Life History of Arctic Wolf Spiders: Part 1

For those of you who follow my blog, you will notice I’m somewhat obsessed with the Arctic – in part because of our large Northern Biodiversity Program, but also because it’s an ideal  system for studying the ecology of arthropods.    It also doesn’t hurt that the Arctic is a beautiful place to work!

The northern Yukon landscape: spider habitat

I am very excited to write about the latest paper published from our laboratory, titled Life history of tundra-dwelling wolf spiders (Araneae: Lycosidae) from the Yukon Territory, Canada.  This has just recently been published in the Canadian Journal of Zoology, with Dr. Joseph Bowden as the lead author.  Dr. Bowden graduate from my laboratory just over a year ago, and is now living in California with his family.  Although the climate is somewhat warmer in California compared to the Yukon, he’s still actively working on research related to the biology of Arctic arthropods.   Dr. Bowden was a terrific student in my laboratory, and has already published some work about the community ecology of Arctic spiders: he has one paper in the journal Arctic and another in Ecoscience.

Dr. Joseph Bowden, working in the Yukon and ready for the biting flies!

In the CJZ paper, Joseph studied three species of tundra-dwelling  wolf spiders (family Lycosidae) and asked whether body size or condition better explained variation in fecundity and relative reproductive effort (defined as the ratio of female body mass to clutch mass).  He also tested whether  a trade-off exists between investment in offspring size and number.  The field work for this research was really enjoyable, as it involved collecting spiders by visual surveys and dry pitfall traps – after collection, Joseph set up a laboratory in a local campground shelter to do measurements on the species:

Dr. Joseph Bowden in a Northern “laboratory”

One of the main findings was that body size explained well the variation in offspring number.  Stated another way, larger female wolf spiders produced more eggs, a finding well supported in the literature.   A second main finding was that females with a lower condition allocated relatively more to offspring production than did females in better condition. This makes some sense – if the going is tough (i.e., poor condition), the females primary objective (from a fitness perspective) is to invest in offspring.  A third key finding was that  we found a negative relationships between egg size and number.    These trade-offs may in part be because of variation in resource availability at some of the study sites in the Yukon tundra.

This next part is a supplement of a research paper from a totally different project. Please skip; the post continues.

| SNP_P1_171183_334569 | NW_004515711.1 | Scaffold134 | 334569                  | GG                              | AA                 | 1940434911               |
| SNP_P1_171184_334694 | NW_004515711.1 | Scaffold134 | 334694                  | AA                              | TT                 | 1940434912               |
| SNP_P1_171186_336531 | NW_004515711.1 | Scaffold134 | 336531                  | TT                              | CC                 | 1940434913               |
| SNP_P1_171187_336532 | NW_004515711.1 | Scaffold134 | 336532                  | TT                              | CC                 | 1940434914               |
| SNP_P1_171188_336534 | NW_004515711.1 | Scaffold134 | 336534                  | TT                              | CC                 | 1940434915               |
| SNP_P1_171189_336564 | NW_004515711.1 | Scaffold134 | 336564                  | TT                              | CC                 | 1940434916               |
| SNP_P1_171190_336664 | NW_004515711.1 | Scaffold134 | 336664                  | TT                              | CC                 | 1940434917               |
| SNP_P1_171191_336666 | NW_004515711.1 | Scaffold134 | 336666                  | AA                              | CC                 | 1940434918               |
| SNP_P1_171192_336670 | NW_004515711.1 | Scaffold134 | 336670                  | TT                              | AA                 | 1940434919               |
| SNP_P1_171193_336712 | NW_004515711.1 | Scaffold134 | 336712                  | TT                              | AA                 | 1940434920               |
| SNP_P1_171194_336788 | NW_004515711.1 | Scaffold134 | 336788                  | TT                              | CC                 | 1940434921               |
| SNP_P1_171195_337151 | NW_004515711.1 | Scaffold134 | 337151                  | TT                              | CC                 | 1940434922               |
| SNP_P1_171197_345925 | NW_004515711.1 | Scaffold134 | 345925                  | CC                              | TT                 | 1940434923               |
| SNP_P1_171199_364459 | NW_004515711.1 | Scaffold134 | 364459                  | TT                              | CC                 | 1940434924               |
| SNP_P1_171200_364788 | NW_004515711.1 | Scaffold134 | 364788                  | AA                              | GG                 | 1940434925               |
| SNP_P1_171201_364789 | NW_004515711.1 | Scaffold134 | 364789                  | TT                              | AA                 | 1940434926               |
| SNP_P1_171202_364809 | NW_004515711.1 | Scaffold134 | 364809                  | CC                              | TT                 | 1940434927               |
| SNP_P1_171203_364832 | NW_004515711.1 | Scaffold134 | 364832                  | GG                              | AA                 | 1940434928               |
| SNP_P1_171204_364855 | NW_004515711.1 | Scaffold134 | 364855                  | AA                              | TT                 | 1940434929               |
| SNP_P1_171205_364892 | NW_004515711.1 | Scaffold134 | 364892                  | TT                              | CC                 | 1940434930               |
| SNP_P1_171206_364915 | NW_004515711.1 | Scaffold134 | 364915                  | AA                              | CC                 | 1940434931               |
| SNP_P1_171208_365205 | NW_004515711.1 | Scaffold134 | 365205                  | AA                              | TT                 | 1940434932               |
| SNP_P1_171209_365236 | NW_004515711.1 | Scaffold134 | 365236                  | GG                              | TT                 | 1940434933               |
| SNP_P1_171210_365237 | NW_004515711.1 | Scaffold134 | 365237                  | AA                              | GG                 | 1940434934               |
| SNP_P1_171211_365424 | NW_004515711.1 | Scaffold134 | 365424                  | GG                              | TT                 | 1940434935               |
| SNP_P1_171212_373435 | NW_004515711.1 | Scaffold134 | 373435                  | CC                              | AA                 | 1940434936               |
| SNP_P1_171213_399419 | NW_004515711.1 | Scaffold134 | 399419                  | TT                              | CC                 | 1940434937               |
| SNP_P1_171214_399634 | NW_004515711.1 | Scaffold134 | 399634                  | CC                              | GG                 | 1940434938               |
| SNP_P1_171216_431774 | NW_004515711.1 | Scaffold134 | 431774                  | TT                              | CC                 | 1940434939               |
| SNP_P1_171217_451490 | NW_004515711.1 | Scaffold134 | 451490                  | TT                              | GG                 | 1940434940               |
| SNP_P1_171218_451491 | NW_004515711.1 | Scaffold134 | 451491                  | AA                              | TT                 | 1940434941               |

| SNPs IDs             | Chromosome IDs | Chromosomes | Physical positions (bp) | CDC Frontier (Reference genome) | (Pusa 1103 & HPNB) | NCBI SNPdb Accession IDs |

An Arctic Pardosa (Lycosidae) female, with egg sac

Joseph also calculated tundra wolf spider densities.  Here’s the text of the CJZ paper that describes the methods (straightforward but time consuming):

Densities of the three focal species were estimated using a ring of hard plastic measuring 1.13 m in diameter (1 m x 1 m area) and about 12 cm high. The ring was haphazardly and firmly placed on the tundra surface in each site and all wolf spiders collected inside the ring were identified and counted. This protocol was adapted from Buddle (2000).

Results? Well… the most common species Pardosa  lapponica averaged about 0.4 spiders per square metre.  Some simple calculations will tell you just how common wolf spiders are on the Tundra:  4000 wolf spiders per hectare.  Don’t forget – wolf spiders are only part of the Arachno-fauna in the Arctic.  With confidence, this estimate of 4000 spiders per hectare represents a minimum.  There are a LOT of Arachnids living on the tundra!

In sum, this paper by Joseph is about studying some good old-fashioned natural history of a fascinating group of animals.  The methods are straightforward, but the findings are significant.  It’s pretty difficult to progress in ecology without a deep understanding of a species’ biology and life-history.  Life-history studies are the cornerstone of biology, and I’m thrilled that Joseph recognized that fact and did this research on Arctic wolf spiders.

    You will see that this post is titled Part 1:  some more work will hopefully be published soon – stay tuned for Part 2…

References

Bowden, J., & Buddle, C. (2012). Life history of tundra-dwelling wolf spiders (Araneae: Lycosidae) from the Yukon Territory, Canada Canadian Journal of Zoology, 90 (6), 714-721 DOI: 10.1139/z2012-038

Bowden, J., & Buddle, C. (2010). Determinants of Ground-Dwelling Spider Assemblages at a Regional Scale in the Yukon Territory, Canada Ecoscience, 17 (3), 287-297 DOI: 10.2980/17-3-3308

Buddle, C. (2000). LIFE HISTORY OF PARDOSA MOESTA AND PARDOSA MACKENZIANA (ARANEAE, LYCOSIDAE) IN CENTRAL ALBERTA, CANADA Journal of Arachnology, 28 (3), 319-328 DOI: 10.1636/0161-8202(2000)028[0319:LHOPMA]2.0.CO;2

Bowden, J. & Buddle, C. (2010). Spider assemblages across elevational and latitudinal gradients in the Yukon Territory, Canada.  Arctic 63(3): 261-272 http://arctic.synergiesprairies.ca/arctic/index.php/arctic/article/view/1490

ResearchBlogging.org

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10 thoughts on “Life History of Arctic Wolf Spiders: Part 1

  1. I once heard one of those so-crazy-it-probably-isn’t-true bar “facts” that you’re never more than 6 feet away from a spider no matter where you go on Earth. While I assume there’s still some hyperbole about the “anywhere” part, the fact that it holds up in the Arctic certainly lends credibility to the tale!

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